Potential Congressional Action on Cross Border Data? A Primer on the CLOUD Act
In recent years, the rise of cloud computing has led to more and more data being stored somewhere other than the jurisdiction in which it was created. This trend increasingly has led U.S. law enforcement officials to demand access to information held abroad, just as foreign officials increasingly want access to data held inside the United States. But satisfying these growing desires for cross-border access has proven complicated. The Mutual Legal Assistance Treaty (MLAT) process has not kept pace with the Internet-fueled increase in data requests, nor has a workable alternative to that process emerged. And questions remain as to whether relevant U.S. statutes authorize extraterritorial legal process. Even if law enforcement officials do have tools that allow them to seek data held elsewhere, the holders of such data may face a conflict between their obligations to respond to one country’s lawful process and the obligations to comply with another country’s privacy protections or blocking statutes.
Against this backdrop, bipartisan groups of Senators and Representatives have recently introduced the Clarifying Lawful Overseas Use of Data, or “CLOUD” Act, which seeks to support the needs of law enforcement while advancing international comity on privacy rights. In so doing, it would attempt to address open questions concerning both U.S. law enforcement access to data held extraterritorially and foreign law enforcement access to data held within the United States.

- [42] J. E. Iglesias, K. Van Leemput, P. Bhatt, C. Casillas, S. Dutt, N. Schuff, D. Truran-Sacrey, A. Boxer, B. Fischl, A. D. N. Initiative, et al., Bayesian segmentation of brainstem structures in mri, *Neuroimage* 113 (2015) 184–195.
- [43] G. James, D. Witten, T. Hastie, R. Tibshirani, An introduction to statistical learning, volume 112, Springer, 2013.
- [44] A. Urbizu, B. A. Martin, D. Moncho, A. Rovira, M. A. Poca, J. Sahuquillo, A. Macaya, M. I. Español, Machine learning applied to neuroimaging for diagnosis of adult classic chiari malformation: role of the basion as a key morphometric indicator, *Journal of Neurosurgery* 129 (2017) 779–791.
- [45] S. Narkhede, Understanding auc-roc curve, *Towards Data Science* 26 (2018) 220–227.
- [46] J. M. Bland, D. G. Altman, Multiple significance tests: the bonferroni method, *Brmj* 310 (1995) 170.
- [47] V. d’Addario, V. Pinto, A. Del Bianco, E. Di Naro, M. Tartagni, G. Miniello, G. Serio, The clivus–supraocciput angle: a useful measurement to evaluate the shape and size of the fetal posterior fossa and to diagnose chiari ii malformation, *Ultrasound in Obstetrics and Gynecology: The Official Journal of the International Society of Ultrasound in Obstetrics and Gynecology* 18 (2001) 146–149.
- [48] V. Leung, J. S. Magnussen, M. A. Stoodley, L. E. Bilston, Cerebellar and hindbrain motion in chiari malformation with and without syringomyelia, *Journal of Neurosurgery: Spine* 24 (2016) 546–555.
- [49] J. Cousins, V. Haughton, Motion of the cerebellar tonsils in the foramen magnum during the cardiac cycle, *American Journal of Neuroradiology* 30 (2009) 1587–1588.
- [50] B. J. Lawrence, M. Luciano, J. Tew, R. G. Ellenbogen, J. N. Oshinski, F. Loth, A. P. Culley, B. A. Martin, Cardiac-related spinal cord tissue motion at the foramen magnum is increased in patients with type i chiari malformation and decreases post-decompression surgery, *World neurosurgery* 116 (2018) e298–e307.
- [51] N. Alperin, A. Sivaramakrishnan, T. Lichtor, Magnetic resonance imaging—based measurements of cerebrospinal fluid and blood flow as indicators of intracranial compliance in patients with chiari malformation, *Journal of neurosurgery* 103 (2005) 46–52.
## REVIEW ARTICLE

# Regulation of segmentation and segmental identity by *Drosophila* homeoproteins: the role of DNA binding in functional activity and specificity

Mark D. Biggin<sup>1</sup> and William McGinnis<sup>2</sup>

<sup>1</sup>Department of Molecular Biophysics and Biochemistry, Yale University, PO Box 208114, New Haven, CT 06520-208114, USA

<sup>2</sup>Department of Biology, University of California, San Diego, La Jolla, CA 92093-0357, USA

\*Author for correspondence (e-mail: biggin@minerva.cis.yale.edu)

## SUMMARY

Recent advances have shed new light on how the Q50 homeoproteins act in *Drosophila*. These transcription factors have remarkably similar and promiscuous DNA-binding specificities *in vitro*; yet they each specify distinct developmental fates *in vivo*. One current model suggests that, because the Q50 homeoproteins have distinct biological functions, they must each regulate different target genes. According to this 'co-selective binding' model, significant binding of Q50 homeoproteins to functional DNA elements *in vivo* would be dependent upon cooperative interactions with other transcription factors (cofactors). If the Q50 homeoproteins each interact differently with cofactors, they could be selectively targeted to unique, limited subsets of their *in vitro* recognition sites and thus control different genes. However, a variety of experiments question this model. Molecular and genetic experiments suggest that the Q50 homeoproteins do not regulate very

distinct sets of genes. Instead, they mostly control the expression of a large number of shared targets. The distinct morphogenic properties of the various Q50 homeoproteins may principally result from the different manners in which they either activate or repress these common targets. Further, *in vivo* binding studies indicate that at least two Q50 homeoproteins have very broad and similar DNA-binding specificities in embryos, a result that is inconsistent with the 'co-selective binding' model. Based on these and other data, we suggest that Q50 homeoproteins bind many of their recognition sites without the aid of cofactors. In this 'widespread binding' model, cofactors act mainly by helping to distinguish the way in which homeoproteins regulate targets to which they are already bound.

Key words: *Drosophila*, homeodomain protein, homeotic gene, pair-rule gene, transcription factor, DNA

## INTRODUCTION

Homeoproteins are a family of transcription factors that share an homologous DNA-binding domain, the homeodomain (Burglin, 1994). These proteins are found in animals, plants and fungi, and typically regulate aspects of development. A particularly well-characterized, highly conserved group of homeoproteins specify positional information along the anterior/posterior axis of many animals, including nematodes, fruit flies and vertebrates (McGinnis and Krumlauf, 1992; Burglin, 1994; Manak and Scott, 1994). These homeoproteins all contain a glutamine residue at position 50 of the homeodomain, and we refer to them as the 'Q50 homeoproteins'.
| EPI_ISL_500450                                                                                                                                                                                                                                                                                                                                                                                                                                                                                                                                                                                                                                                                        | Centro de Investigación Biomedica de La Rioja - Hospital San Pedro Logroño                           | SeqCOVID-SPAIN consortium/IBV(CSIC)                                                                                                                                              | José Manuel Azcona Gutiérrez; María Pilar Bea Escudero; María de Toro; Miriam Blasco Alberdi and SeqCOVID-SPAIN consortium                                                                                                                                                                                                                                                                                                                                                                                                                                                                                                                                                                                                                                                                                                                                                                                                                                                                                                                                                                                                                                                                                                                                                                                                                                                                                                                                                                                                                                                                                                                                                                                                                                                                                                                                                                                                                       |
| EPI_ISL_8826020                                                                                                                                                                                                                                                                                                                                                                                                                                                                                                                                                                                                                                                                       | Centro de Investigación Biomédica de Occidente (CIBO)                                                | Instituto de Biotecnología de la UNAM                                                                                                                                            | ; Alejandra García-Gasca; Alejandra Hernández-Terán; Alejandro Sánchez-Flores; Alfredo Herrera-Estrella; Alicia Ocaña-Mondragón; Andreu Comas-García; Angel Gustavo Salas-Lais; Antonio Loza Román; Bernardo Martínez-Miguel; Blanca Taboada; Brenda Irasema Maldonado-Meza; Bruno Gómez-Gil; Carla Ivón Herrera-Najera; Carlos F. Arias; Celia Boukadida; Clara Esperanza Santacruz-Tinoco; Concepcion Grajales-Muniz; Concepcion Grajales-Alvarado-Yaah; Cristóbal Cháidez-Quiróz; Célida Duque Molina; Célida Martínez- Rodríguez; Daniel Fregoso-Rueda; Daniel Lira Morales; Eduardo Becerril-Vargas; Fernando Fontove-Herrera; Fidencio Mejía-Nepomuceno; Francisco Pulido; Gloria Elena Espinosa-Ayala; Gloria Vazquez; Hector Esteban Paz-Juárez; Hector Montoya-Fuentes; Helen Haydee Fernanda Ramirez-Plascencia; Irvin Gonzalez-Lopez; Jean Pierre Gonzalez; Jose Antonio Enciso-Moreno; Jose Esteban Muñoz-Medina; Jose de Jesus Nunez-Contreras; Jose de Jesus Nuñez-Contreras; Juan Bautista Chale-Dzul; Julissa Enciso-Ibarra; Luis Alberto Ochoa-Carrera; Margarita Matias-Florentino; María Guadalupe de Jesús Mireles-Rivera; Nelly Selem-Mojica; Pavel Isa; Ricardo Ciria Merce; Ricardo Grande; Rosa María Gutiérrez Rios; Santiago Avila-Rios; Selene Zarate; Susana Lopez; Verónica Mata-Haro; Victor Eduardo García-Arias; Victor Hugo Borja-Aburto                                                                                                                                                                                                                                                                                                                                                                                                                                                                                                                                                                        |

U.S. Access to Data Held Extraterritorially. First, the CLOUD Act would resolve an open question about whether the United States could use a probable cause warrant issued under the Stored Communications Act (SCA), a part of the Electronic Communications Privacy Act (ECPA) concerning the disclosure of certain communications and records such as emails and records stored by cloud services, to compel companies to produce emails stored overseas. In particular, the CLOUD Act would add the following provision to the SCA:
A provider of electronic communication service or remote computing service shall comply with the obligations [of the SCA] to preserve, backup, or disclose the contents of a wire or electronic communication and any record or other information pertaining to a customer or subscriber within such provider’s possession, custody, or control, regardless of whether such communication, record, or other information is located within or outside of the United States.
As scholars have pointed out, this provision essentially “codifies the so-called ‘Bank of Nova Scotia standard’ – the standard, developed in United States v. Bank of Nova Scotia and a related line of cases, that allows for subpoenas to compel a bank to bring foreign-held records into the U.S. as long as those records are in the ‘possession, custody, or control’ of the bank.” Of course, the Bank of Nova Scotia doctrine has heretofore been primarily applied in the context of subpoenas compelling companies to produce their own business records in the U.S. regardless of where in the world they are stored – but not necessarily in cases under the SCA.